22. As for that last issue, public funds will have to be used to maintain the roads, including any possible bus lanes. The fact that the lane normally reserved for buses might undergo more wear and tear as a result of granting access to black cabs does not change this, as the other lanes will need correspondingly less maintenance. Therefore, I fail to see how the bus lane policy might give rise to an additional burden on the State in this regard.

23. In what follows, I will deal with the other two issues separately.

1. Access to the bus lanes free of charge

24. The bus lane policy gives black cabs the possibility of avoiding traffic and therefore of providing taxi services to a higher number of fare-paying passengers within the same amount of time at no added cost. Such an authorisation carries an economic value. (6) The question is therefore whether this amounts to forgoing State resources or, put differently, whether Member States have an obligation, under the State aid rules, to charge for the use of public infrastructure.

25. Although the Court’s case-law provides some guidance, the issue under consideration does not appear to have been resolved in previous cases.

26. On the one hand, the case-law according to which measures which, whilst not involving a formal transfer of State resources, nevertheless give rise to a potential forgoing of revenue, (7) does not seem transferable to situations involving access to public infrastructure, as that line of case-law relates essentially to favourable tax treatment. (8) In the same vein, the case-law applicable to State guarantees, which, leaving aside the premium, may entail an additional burden on the State as such guarantees may involve a transfer of State resources at some later point in time, (9) cannot be applied to the issue under consideration.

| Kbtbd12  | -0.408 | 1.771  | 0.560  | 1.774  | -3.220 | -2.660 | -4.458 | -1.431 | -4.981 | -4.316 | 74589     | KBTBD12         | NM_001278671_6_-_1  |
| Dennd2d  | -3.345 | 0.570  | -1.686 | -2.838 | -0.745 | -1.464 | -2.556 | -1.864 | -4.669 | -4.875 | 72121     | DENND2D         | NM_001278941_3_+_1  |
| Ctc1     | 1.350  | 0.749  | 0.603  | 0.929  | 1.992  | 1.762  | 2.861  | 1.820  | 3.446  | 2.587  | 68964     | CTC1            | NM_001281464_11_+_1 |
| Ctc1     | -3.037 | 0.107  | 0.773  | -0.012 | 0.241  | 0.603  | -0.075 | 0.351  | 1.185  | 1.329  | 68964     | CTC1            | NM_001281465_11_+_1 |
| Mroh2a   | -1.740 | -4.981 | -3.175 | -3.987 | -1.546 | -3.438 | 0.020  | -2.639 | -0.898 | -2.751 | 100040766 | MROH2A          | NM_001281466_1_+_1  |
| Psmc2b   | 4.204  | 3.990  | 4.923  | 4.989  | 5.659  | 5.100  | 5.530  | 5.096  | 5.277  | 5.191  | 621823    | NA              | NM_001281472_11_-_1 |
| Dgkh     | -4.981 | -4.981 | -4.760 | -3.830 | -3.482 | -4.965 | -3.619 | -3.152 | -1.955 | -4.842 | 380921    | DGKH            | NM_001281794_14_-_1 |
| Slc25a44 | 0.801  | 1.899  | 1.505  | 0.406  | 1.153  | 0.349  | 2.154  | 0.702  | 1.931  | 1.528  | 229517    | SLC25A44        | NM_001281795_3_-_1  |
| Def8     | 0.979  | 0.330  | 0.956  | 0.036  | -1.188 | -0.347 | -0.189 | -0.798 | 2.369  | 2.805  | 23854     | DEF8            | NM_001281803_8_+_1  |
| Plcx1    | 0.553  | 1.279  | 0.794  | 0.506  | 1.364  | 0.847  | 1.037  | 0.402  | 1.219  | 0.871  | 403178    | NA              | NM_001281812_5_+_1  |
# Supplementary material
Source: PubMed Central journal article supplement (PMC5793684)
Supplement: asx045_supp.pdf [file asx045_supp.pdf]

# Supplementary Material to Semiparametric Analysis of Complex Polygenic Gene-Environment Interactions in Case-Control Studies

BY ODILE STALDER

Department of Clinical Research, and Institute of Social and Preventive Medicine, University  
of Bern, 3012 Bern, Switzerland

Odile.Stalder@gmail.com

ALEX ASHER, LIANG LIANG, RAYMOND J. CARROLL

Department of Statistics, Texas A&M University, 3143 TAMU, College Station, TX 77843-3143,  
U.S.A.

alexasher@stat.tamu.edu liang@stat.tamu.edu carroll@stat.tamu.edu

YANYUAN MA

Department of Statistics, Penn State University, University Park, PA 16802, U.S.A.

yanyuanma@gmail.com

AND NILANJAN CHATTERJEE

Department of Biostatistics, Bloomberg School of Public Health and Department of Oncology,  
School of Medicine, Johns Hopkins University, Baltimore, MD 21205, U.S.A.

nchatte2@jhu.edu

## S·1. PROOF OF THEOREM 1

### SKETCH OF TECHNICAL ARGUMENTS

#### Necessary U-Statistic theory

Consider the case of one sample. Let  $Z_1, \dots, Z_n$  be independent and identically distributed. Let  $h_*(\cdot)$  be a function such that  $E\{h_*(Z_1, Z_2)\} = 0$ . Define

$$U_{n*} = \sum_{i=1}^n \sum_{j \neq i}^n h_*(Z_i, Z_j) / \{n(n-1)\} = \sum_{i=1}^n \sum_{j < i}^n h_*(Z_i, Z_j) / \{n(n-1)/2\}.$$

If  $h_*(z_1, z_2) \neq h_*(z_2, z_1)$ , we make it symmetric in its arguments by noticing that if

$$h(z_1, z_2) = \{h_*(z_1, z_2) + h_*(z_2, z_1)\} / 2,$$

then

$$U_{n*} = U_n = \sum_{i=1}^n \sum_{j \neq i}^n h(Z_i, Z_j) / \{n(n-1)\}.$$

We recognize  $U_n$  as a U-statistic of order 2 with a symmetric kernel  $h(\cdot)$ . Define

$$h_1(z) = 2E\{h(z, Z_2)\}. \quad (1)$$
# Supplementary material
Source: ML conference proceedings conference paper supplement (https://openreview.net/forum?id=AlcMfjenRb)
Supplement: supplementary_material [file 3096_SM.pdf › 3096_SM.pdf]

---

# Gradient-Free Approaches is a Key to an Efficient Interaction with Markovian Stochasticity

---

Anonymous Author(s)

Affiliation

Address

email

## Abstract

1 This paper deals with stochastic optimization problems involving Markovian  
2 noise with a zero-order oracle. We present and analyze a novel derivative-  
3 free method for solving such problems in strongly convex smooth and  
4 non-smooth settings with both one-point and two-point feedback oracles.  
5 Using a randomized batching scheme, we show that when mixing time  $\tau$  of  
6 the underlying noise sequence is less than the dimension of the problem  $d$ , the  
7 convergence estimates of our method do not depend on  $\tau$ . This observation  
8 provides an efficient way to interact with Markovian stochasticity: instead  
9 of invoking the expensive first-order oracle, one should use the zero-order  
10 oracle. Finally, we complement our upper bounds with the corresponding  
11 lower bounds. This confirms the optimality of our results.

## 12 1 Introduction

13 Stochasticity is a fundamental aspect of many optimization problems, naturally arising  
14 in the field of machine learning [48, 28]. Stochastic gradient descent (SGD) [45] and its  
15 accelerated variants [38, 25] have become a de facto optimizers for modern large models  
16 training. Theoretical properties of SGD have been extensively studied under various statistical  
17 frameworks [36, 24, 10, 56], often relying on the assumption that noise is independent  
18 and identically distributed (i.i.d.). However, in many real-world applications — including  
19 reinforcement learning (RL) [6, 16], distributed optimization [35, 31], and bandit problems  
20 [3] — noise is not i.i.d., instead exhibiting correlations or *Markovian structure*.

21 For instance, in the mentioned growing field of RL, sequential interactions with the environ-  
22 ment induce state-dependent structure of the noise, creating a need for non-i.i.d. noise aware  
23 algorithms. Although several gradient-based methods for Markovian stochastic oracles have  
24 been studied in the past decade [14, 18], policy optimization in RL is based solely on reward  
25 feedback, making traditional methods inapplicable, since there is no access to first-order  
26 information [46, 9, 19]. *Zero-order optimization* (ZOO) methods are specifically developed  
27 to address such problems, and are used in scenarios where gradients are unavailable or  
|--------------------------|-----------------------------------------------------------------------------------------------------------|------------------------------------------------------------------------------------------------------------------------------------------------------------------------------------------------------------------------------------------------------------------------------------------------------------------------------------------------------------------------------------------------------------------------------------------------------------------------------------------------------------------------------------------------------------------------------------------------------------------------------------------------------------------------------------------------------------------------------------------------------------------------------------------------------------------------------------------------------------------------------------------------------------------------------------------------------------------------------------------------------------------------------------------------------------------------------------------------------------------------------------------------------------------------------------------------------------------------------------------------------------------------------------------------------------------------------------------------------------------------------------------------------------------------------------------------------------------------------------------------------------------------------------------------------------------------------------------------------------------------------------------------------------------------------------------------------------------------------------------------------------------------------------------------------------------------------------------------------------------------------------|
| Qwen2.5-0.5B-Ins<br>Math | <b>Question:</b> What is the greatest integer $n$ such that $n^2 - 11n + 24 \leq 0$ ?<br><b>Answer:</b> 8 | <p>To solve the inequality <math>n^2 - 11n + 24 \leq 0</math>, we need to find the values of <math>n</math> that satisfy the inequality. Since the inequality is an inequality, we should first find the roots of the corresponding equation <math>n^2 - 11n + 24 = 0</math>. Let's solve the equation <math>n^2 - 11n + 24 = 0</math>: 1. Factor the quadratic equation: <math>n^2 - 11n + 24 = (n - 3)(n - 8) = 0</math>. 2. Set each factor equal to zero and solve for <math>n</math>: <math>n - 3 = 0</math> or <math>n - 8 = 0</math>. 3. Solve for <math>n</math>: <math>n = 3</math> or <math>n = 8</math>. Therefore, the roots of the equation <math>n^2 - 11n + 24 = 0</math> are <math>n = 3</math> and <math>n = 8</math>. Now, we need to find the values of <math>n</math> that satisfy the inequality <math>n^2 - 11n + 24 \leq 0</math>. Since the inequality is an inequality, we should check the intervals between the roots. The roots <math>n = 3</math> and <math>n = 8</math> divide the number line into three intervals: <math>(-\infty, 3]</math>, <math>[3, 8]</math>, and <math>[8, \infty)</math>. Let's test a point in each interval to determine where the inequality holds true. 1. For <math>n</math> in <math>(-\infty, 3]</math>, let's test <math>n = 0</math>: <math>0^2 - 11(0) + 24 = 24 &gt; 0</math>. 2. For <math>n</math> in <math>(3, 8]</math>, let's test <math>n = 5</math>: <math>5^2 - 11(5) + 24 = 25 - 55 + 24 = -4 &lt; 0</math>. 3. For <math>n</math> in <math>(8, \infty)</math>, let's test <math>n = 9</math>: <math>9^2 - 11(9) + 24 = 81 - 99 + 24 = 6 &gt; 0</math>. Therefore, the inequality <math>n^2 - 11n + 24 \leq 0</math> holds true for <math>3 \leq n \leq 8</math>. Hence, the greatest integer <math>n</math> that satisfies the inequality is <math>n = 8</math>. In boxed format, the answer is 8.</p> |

27. On the other hand, a different line of case-law appears to support the idea that regulatory intervention in the market which benefits one group over another but does not entail an actual or potential payment of State monies (or a loss of gain) does not necessarily involve a transfer of State resources. (10) It could also be inferred from a similar line of case-law that a financial burden on the State which is a simple consequence of a given statutory system and inherent to it, does not come within the concept of a transfer of ‘State resources’ either. (11)